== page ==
This is a must read for all architects, no matter what your skill set is.

A .NET developer looking to move into architecture should make this book their first stop on a long journey. This will definitely get you off to a very strong start.

This book will not leave my side... until the 2nd edition...
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31 of 35 people found the following review helpful By James Ashley on January 1, 2009
Format: Paperback Verified Purchase
It is a misconception that architecture is a fully understood field. Like the rest of us in the relatively young discipline of software development, architects are making their way along with rules of thumb, buzzwords and trends, too, and doing their best to tie them all together.

Microsoft has always been a bit lacking when it comes to providing guidance for developing complex software. The alt.net crowd promised to fill in this lacuna, and even promoted itself in terms of filling in the blanks that Microsoft leaves in its technology offerings. However the results have been, I think, that the contemporary architect simply has more pieces to try to put together, and even more things to try to figure out.

Dino Esposito, in "Architecting Applications for the Enterprise", tries to make sense of this technical jigsaw puzzle by building on top of the core architectural concepts of layering and decoupling applications. He then takes these principles forward by seeing how the newest technologies and techniques -- WPF, WCF, Windsor, NHibernate, Entity Framework, MVP, MVC, etc. -- can fit together to form a mature enterprise application.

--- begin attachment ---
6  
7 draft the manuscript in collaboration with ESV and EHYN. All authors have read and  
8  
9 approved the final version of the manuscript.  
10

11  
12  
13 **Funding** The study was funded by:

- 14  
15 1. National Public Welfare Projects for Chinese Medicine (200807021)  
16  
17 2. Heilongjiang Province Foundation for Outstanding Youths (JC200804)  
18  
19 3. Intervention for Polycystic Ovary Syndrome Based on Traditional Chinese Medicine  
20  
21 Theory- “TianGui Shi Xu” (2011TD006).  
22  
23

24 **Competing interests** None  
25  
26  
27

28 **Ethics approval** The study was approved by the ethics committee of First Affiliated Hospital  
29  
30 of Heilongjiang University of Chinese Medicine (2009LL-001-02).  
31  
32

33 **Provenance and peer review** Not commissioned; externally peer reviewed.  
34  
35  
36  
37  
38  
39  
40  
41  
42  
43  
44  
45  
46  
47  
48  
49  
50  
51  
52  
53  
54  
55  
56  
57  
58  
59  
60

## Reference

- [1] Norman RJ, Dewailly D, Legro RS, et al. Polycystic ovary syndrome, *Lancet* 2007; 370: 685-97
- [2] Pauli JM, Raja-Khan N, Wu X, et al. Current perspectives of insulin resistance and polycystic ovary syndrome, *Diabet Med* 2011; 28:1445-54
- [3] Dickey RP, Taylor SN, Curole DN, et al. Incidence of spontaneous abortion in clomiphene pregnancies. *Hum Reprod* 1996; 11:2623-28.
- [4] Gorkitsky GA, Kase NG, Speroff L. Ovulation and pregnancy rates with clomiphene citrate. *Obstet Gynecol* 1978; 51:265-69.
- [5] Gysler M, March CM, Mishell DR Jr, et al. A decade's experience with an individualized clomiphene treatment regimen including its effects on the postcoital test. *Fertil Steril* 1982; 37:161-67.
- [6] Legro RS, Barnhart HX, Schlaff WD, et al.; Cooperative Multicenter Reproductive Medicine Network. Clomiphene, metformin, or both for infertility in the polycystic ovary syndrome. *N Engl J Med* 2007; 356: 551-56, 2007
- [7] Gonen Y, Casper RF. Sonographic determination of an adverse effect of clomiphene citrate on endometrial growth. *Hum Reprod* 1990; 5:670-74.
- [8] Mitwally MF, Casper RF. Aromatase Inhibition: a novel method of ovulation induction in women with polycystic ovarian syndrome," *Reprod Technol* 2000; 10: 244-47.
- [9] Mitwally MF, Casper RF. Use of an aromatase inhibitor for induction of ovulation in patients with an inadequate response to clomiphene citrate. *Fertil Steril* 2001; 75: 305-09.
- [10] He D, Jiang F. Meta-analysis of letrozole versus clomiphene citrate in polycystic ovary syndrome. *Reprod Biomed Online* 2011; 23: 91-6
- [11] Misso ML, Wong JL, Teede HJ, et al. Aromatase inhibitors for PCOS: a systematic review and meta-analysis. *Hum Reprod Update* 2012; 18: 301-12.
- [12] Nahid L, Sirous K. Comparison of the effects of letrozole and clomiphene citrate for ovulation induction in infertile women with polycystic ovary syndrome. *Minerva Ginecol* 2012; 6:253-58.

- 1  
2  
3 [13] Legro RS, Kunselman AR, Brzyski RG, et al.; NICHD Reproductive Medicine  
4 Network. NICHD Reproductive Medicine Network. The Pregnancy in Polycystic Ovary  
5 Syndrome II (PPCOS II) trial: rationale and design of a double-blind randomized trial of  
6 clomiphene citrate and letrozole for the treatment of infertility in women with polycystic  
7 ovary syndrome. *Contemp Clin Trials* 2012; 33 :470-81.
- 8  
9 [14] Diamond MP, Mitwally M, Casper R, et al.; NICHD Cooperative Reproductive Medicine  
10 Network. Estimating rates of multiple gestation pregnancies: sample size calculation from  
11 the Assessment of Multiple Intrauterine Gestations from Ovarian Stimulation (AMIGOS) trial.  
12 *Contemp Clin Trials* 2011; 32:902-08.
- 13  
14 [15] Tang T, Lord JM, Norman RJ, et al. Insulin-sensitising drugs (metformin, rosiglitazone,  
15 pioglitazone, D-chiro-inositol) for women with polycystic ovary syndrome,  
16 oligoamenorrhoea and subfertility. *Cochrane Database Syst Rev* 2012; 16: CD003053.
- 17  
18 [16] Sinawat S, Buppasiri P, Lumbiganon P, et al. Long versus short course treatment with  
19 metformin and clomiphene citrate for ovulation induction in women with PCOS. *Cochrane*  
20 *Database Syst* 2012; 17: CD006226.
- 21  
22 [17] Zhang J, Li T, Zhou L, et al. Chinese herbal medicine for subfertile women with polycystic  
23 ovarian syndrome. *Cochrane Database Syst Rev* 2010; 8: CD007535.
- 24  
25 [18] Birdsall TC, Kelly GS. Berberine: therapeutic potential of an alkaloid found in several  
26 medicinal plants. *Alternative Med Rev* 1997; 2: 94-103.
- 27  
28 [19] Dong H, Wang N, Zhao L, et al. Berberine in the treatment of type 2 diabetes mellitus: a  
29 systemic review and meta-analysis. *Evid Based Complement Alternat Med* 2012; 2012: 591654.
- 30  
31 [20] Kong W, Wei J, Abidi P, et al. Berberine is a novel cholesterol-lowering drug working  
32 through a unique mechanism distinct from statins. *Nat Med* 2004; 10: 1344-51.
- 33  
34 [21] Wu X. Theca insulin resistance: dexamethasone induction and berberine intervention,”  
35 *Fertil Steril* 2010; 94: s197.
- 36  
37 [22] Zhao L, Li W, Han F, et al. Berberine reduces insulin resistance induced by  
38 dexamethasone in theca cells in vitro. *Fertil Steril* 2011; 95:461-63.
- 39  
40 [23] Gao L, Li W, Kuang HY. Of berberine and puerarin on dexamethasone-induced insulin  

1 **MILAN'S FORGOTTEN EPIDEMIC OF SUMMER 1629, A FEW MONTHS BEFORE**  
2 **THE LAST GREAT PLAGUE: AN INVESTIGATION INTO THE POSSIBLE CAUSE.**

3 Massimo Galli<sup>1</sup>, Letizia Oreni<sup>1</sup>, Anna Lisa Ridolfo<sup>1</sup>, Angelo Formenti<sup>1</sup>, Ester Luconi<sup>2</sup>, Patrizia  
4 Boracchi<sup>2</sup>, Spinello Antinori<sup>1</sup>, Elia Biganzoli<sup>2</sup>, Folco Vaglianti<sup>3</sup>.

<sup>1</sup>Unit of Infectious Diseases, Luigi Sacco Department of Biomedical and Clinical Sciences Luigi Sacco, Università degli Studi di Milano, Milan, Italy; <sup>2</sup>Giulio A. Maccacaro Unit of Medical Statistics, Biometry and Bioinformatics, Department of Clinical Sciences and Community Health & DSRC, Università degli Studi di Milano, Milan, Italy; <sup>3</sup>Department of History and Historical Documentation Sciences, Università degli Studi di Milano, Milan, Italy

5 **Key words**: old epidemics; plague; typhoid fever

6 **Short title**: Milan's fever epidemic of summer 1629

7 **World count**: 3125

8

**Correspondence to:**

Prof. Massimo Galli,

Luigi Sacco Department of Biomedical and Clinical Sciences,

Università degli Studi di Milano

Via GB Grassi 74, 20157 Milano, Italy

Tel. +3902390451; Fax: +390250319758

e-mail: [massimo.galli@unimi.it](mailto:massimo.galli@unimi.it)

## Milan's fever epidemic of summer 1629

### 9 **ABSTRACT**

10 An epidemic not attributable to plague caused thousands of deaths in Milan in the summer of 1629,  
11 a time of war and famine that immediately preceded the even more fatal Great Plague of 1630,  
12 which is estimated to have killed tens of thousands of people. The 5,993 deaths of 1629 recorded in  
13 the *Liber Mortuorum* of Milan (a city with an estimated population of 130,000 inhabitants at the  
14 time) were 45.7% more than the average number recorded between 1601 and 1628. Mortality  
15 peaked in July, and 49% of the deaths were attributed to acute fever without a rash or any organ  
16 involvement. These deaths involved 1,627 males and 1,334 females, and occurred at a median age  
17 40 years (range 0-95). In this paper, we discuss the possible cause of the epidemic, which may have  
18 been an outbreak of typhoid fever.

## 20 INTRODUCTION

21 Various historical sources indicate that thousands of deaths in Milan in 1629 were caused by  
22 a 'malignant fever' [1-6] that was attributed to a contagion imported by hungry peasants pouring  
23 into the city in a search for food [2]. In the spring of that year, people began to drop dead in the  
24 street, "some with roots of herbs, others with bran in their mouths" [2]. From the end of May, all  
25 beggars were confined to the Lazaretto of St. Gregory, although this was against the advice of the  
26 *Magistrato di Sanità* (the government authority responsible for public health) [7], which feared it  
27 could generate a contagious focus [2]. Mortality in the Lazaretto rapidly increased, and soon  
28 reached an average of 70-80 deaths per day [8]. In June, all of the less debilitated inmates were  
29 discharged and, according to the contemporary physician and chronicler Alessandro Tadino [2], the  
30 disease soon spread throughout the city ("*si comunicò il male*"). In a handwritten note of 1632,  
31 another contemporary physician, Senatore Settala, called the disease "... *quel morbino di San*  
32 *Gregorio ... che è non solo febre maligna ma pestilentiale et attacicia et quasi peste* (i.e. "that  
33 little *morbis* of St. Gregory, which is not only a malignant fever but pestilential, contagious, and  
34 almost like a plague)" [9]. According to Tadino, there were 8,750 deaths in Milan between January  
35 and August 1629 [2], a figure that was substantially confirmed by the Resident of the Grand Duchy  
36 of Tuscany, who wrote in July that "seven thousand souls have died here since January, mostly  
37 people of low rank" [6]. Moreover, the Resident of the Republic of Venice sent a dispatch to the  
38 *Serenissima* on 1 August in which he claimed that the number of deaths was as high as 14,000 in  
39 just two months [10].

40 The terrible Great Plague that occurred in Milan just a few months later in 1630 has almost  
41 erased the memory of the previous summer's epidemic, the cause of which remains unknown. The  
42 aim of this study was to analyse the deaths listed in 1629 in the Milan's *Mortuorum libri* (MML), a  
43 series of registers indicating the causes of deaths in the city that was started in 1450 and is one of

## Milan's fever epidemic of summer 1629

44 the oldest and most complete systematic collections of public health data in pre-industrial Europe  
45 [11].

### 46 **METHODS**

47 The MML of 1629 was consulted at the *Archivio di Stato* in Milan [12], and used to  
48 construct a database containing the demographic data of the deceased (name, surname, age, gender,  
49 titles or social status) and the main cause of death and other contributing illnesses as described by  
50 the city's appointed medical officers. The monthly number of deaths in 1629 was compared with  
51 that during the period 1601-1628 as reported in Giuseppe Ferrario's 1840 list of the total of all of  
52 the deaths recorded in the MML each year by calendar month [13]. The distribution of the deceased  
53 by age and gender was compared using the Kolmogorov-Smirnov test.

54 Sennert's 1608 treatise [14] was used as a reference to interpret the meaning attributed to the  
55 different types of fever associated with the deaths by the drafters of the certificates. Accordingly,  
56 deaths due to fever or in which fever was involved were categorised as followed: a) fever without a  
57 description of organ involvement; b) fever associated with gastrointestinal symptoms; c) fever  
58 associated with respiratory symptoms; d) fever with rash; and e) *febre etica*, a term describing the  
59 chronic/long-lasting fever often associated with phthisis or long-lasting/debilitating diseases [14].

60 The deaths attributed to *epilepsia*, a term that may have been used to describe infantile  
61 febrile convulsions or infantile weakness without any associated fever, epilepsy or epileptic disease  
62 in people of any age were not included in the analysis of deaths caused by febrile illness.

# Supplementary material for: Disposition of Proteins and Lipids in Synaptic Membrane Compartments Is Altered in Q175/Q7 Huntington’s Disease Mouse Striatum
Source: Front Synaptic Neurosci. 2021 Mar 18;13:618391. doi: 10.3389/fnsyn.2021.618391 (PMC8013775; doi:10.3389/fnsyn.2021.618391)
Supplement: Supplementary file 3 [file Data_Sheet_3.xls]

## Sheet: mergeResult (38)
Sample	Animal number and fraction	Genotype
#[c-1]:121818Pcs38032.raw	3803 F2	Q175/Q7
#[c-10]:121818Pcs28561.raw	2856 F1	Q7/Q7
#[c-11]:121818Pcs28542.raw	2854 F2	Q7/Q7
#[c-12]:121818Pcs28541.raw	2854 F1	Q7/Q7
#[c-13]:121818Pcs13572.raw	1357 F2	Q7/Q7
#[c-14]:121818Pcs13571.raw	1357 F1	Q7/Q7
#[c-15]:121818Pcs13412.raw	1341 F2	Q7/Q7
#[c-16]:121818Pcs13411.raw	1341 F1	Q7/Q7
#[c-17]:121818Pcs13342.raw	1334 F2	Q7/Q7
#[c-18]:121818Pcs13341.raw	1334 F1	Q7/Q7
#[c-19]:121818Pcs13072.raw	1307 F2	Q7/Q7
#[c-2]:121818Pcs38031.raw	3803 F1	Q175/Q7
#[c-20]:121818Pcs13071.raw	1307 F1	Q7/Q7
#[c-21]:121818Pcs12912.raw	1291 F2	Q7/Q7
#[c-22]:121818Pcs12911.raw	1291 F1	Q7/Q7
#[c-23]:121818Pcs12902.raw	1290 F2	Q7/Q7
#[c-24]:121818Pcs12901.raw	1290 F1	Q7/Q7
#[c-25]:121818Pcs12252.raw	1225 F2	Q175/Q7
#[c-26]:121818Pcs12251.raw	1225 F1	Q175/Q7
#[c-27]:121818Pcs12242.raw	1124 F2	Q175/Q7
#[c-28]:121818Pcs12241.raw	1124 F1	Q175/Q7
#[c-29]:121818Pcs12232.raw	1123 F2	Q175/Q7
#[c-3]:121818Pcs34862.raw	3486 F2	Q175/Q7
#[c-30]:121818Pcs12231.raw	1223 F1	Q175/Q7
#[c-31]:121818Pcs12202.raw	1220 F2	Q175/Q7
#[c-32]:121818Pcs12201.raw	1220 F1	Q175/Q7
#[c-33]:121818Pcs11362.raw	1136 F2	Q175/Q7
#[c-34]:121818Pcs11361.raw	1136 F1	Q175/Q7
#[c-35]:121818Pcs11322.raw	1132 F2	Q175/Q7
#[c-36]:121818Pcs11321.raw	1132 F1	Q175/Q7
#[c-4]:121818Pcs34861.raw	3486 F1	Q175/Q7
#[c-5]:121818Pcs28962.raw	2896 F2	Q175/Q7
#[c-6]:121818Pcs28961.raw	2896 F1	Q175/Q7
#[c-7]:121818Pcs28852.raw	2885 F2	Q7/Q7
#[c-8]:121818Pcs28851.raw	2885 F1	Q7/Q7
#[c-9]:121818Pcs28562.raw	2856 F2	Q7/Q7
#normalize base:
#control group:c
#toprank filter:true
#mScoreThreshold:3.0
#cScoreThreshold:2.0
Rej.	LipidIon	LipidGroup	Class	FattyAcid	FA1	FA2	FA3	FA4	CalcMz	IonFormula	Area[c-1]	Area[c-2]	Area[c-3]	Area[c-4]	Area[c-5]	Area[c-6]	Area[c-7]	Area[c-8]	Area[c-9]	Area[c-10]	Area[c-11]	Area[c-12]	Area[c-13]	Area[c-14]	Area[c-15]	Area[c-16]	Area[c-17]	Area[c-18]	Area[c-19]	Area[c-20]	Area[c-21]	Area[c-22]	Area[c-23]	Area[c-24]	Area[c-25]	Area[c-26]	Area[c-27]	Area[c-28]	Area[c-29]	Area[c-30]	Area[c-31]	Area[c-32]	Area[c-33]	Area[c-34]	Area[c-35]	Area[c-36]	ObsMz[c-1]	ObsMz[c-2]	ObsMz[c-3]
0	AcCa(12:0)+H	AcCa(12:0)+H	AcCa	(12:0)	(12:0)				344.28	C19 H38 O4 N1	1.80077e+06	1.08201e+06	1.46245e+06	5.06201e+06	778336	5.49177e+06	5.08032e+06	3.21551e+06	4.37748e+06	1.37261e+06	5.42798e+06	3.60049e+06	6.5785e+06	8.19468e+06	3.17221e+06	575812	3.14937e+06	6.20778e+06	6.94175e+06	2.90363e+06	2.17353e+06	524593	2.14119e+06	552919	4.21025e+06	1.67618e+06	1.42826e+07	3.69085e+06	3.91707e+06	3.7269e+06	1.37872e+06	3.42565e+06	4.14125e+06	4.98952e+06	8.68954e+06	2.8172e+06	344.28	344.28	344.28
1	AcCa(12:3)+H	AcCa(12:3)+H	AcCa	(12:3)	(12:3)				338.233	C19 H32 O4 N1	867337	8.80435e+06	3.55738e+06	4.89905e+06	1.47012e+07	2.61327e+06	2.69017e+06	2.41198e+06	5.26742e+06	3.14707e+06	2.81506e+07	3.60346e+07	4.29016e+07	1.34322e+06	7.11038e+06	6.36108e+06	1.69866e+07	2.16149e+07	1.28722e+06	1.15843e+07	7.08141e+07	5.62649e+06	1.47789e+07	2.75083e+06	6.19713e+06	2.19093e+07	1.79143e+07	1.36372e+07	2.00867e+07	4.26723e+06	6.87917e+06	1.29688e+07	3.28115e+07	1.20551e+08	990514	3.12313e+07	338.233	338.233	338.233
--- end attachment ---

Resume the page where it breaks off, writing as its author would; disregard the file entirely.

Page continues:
In many ways he cuts through much of the hype and provides insights into why you might want to use these technologies. He is comprehensive in treating each of the various Microsoft and non-Microsoft tools soberly, explaining the pros and cons of each.

Best of all, he tries to consolidate in his appendix all of his insights into a core set of architectural principles, one of which he reiterates throughout the book: the job of the architect is to reduce complexity, not increase it. It sounds simple, but many architects tend to forget this.

Mr.
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7 of 7 people found the following review helpful By S. Thompson on April 2, 2010
Format: Paperback Verified Purchase
This book is divided into two halves - Principles and System Design. The first half of this book is like a computer science course in system analysis and design. In my opinion fairly boring really, unless you are completely new to the subject. It does create a context for the rest of the book and though and even though it was a bit of a chore, I did find some interesting tidbits of information in part 1. The second half of the book moves from the theory of architecting software into the implementation with comprehensive coverage of all the different logical tiers of a system - presentation, service, business and data. It also discusses the different architectures that can be applied depending on the technologies used (forms, web, ria ect). This is where this book really shines. For me the further I got into the book the more I liked it. The writing style is conversational which make this book an easy read, although occasionally the author loses the plot a little, taking half a page to cover a point that could be covered succinctly in one line or two line.

By the end of this book I kind of liked it, although having said that it doesn't really offer anything new that hasn't been covered in other books, apart from the fact that the focus is on .Net technologies. For me I don't think this book offers too much to experienced developers, especially those with a lot of experience using .Net. Also for general software architectural principals there are better books around. Being fairly new to the .Net framework I brought this book primarily for an overview of .Net technologies that could be used in architecting applications and the best practices in applying them. In that sense this book is pretty good.

So if you're new to architecting software, or want an overview of .